By Nunzio Signore (BA, CSCS, CPT, NASM, FMS)
As coaches and trainers, we have a big responsibility to fully develop our athletes, so they can perform at their best. At the same time, we are expected to keep them healthy to give them the best chance to play at the highest level. But, while arm injuries continue to rise in baseball players (specifically pitchers), we’ve come to realize that pitchers are the worst prepared athletes to step on an athletic field. Take note I didn’t say worst athletes, I said worst prepared. Bottom line, the system is flawed.
ASMI and all the leading researchers on the subject make it very clear that these injuries are happening at a younger and younger age. This is the result of asking the body to do something it isn’t prepared to handle. It’s not the 16 year-old pitcher throwing 75 MPH that’s on the operating table; it’s the pitchers that throw hard, the YOUNG, elite pitchers.
We’ve implemented pitch counts. Unfortunately, injuries have not decreased. They have actually increased since the pitch count system was introduced.
Their arm (and body) have not been trained, or often not used enough to withstand even 40 pitches let alone the limits implemented by pitch counts. According to the widely accepted SAID principle the body will Specifically Adapt to Imposed Demands. Further, if you are familiar with Davis’ Law (click here for more info), we are just not asking our pitchers to prepare properly.
Pitching too much is a problem, but not throwing enough is a bigger one. Don’t get me wrong, I believe that all pitchers should take off 8 consecutive weeks of throwing every year, but outside of that, they should feed their arm accordingly.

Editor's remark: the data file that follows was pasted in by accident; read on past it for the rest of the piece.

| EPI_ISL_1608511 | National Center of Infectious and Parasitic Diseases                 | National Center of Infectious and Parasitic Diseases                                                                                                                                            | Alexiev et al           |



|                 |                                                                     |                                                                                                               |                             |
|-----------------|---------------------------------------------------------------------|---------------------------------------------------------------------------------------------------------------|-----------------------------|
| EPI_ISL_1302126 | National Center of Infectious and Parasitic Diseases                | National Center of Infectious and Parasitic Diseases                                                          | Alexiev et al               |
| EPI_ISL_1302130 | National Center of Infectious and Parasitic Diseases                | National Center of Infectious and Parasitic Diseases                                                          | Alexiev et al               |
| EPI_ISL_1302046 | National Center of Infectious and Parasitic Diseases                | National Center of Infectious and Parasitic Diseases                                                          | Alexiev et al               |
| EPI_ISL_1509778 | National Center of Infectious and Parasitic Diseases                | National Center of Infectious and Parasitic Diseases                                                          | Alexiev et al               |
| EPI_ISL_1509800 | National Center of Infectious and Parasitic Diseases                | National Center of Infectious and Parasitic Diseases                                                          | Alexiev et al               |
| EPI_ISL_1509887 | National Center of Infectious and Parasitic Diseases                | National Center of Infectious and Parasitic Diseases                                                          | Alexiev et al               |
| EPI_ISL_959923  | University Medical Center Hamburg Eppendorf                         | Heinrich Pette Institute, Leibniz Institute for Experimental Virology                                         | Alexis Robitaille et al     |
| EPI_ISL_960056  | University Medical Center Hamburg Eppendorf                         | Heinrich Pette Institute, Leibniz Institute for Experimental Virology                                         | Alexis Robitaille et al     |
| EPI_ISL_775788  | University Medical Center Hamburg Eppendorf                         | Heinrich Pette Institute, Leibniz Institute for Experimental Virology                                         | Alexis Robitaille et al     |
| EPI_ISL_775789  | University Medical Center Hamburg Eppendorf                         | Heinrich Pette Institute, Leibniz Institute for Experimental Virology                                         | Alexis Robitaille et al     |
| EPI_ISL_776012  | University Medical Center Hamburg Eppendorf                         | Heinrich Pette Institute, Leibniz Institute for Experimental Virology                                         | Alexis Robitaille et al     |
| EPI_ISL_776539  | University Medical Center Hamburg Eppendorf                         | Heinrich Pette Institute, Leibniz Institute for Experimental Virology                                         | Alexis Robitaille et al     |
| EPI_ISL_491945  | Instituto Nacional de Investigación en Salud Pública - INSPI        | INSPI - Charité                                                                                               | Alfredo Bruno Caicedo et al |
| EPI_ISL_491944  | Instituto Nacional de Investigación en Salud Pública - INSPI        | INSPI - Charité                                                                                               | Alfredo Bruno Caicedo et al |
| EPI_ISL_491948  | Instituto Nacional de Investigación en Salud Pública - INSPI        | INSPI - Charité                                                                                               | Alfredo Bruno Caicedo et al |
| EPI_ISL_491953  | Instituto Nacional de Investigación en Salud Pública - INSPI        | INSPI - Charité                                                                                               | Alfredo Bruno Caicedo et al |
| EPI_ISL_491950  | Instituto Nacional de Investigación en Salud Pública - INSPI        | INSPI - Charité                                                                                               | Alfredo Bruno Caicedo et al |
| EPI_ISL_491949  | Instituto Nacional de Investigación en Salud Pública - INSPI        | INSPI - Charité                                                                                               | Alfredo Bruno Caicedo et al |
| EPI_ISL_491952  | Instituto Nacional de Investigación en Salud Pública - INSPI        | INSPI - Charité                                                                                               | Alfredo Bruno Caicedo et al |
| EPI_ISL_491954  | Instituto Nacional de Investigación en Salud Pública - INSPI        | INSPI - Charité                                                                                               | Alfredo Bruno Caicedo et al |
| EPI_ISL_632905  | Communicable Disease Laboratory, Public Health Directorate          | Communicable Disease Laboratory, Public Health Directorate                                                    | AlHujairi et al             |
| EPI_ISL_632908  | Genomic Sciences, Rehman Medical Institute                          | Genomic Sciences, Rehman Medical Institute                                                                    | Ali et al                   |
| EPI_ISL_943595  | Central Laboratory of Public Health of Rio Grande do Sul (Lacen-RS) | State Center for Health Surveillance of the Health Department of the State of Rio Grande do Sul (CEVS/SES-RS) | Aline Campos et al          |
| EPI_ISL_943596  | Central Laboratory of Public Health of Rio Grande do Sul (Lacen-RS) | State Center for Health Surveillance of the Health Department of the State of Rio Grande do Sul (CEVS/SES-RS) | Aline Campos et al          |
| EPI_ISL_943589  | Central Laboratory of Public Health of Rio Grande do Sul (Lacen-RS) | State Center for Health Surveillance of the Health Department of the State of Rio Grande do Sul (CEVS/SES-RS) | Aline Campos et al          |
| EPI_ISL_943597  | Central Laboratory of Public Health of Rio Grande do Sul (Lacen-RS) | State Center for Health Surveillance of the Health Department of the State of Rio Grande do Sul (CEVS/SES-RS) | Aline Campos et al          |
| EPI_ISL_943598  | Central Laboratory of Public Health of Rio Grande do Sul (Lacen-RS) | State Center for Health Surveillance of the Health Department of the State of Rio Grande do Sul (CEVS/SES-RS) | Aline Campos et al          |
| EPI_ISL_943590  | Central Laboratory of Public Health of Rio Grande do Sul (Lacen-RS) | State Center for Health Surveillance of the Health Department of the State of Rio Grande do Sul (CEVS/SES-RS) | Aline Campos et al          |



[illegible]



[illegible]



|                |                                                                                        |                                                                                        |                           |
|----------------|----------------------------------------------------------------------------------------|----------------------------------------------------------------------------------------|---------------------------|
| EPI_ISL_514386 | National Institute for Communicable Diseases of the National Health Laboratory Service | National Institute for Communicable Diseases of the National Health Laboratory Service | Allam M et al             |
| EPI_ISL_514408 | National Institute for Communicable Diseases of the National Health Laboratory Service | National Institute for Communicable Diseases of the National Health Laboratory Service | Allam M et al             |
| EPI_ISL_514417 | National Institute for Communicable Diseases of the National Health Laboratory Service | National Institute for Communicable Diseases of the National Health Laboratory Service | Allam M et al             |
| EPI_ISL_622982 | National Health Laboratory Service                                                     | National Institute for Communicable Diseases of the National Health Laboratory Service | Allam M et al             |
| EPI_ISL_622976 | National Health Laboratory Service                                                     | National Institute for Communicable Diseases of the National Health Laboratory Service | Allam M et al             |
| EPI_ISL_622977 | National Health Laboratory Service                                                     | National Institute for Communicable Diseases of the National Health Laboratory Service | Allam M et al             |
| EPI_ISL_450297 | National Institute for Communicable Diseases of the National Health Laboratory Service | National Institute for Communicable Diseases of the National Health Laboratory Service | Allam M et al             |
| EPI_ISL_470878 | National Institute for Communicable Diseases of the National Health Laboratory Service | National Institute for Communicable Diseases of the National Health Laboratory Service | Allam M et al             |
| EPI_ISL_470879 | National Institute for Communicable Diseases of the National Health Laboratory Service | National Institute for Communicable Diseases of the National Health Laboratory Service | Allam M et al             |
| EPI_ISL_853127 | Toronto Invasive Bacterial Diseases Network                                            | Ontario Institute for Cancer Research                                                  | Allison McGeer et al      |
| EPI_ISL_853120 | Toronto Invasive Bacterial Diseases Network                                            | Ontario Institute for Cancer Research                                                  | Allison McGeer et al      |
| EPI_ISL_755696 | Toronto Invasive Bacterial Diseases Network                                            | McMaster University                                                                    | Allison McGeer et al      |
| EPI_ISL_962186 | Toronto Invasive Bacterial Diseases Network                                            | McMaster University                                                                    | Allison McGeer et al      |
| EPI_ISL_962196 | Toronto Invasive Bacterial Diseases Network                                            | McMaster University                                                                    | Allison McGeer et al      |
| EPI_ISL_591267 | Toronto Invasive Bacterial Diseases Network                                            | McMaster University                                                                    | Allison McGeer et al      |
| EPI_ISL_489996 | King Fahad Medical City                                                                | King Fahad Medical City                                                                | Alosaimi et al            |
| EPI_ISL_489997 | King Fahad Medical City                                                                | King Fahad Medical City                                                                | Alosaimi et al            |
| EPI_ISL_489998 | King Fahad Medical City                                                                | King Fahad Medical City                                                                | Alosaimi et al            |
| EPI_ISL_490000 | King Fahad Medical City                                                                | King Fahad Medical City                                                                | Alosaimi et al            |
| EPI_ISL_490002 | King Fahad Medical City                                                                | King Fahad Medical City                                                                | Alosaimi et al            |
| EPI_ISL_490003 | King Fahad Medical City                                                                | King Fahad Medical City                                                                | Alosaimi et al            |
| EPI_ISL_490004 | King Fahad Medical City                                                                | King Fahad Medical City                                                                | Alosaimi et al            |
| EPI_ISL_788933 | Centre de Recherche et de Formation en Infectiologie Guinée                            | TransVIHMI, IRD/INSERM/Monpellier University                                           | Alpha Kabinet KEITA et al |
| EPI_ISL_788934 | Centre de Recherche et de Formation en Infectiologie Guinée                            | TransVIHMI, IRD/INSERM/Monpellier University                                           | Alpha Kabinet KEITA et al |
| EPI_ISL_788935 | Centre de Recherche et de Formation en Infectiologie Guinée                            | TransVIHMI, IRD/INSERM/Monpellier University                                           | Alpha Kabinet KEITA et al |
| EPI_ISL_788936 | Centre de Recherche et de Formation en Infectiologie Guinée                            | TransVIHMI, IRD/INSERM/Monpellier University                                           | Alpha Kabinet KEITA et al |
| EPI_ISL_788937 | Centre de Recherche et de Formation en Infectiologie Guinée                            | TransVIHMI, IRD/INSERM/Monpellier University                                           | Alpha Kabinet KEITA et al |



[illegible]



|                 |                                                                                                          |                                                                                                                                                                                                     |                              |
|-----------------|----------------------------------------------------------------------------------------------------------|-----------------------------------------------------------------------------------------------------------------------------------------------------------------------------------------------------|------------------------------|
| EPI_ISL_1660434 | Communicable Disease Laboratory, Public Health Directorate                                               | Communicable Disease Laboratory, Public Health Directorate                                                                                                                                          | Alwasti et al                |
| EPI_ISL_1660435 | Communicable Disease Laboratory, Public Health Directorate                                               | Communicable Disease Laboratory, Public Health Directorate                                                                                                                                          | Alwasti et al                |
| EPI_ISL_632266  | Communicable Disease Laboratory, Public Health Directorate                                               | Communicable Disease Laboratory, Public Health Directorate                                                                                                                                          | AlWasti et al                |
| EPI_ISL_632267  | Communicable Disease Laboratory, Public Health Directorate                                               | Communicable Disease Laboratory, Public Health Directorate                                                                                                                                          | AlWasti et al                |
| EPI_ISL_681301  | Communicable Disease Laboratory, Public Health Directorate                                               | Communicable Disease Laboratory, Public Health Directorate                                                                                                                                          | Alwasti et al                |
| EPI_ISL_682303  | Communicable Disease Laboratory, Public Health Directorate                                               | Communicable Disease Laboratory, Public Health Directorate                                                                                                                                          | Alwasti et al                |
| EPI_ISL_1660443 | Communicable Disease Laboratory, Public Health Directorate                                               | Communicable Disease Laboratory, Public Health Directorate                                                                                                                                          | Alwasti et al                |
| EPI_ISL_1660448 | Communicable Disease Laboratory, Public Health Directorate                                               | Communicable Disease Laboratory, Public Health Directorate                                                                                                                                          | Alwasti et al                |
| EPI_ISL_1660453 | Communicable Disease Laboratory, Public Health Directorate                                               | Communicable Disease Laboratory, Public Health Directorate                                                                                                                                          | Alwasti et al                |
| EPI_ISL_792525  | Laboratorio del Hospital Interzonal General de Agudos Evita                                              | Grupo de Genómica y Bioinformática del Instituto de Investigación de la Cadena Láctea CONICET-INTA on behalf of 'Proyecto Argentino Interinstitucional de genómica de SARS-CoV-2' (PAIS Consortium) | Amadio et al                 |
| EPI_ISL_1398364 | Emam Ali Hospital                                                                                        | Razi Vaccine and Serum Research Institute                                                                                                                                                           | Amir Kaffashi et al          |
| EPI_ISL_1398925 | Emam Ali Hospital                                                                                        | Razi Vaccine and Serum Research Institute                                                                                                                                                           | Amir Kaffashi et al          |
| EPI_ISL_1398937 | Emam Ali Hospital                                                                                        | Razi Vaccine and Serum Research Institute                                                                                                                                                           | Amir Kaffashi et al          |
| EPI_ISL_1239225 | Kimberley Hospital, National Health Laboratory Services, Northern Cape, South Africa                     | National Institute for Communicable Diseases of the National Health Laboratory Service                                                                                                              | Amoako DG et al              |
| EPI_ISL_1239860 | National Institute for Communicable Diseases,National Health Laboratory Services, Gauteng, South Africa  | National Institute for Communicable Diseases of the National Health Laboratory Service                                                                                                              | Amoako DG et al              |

As far as strength goes, strength training, adequate rest and nutrition are the big 3 necessities here. As puberty hits, a young athletes body needs to develop more size (muscle) to help disperse the force of coming down the mound. If not, bad things start to happen in crucial areas such as the hips, shoulder and elbow to name a few. This will cause the game to “catch up with him” as I mentioned earlier.
The bottom line is this:
Any pitching, batting or strength coach worth his weight should educate his athlete on the need for complete training… in all areas!
Example, a 15 year-old that is 6’1” and weighs in at 173 lbs. that walks in into any of the “go-to” pitching coaches in his area and throws 80-85 off the mound would be considered a “great catch” to add to their stable of young, genetically gifted throwers. This helps inflate the coaches’ rosters and business (and sometimes ego). But if they don’t inform the young athlete about covering all his bases training-wise (strength, mobility, arm care, etc.), the game will eventually catch up with him and he’ll spend much of that time stuck in a plateau, frustrated or worst yet in the PT‘s office or eventually on the table.
If that same 15 year-old walks into RPP, he too would be considered an elite athlete in his age bracket. But, he would also be informed by ME that if his body doesn’t get stronger and more durable he’s an accident waiting to happen.
What to do? It’s all about TOTAL athletic development. Fix mechanical issues, feed your arm accordingly, take 8 weeks off and participate in a quality strength/mobility program year-round. If the pitcher is under the care of a coach, make sure they’re covering ALL the bases, not just what they do best. PT Mike Reinold calls it “making sure all your buckets are filled”. Every kid deserves the best possible chance to succeed, make sure you’re giving it to them.
See ya’ in the gym…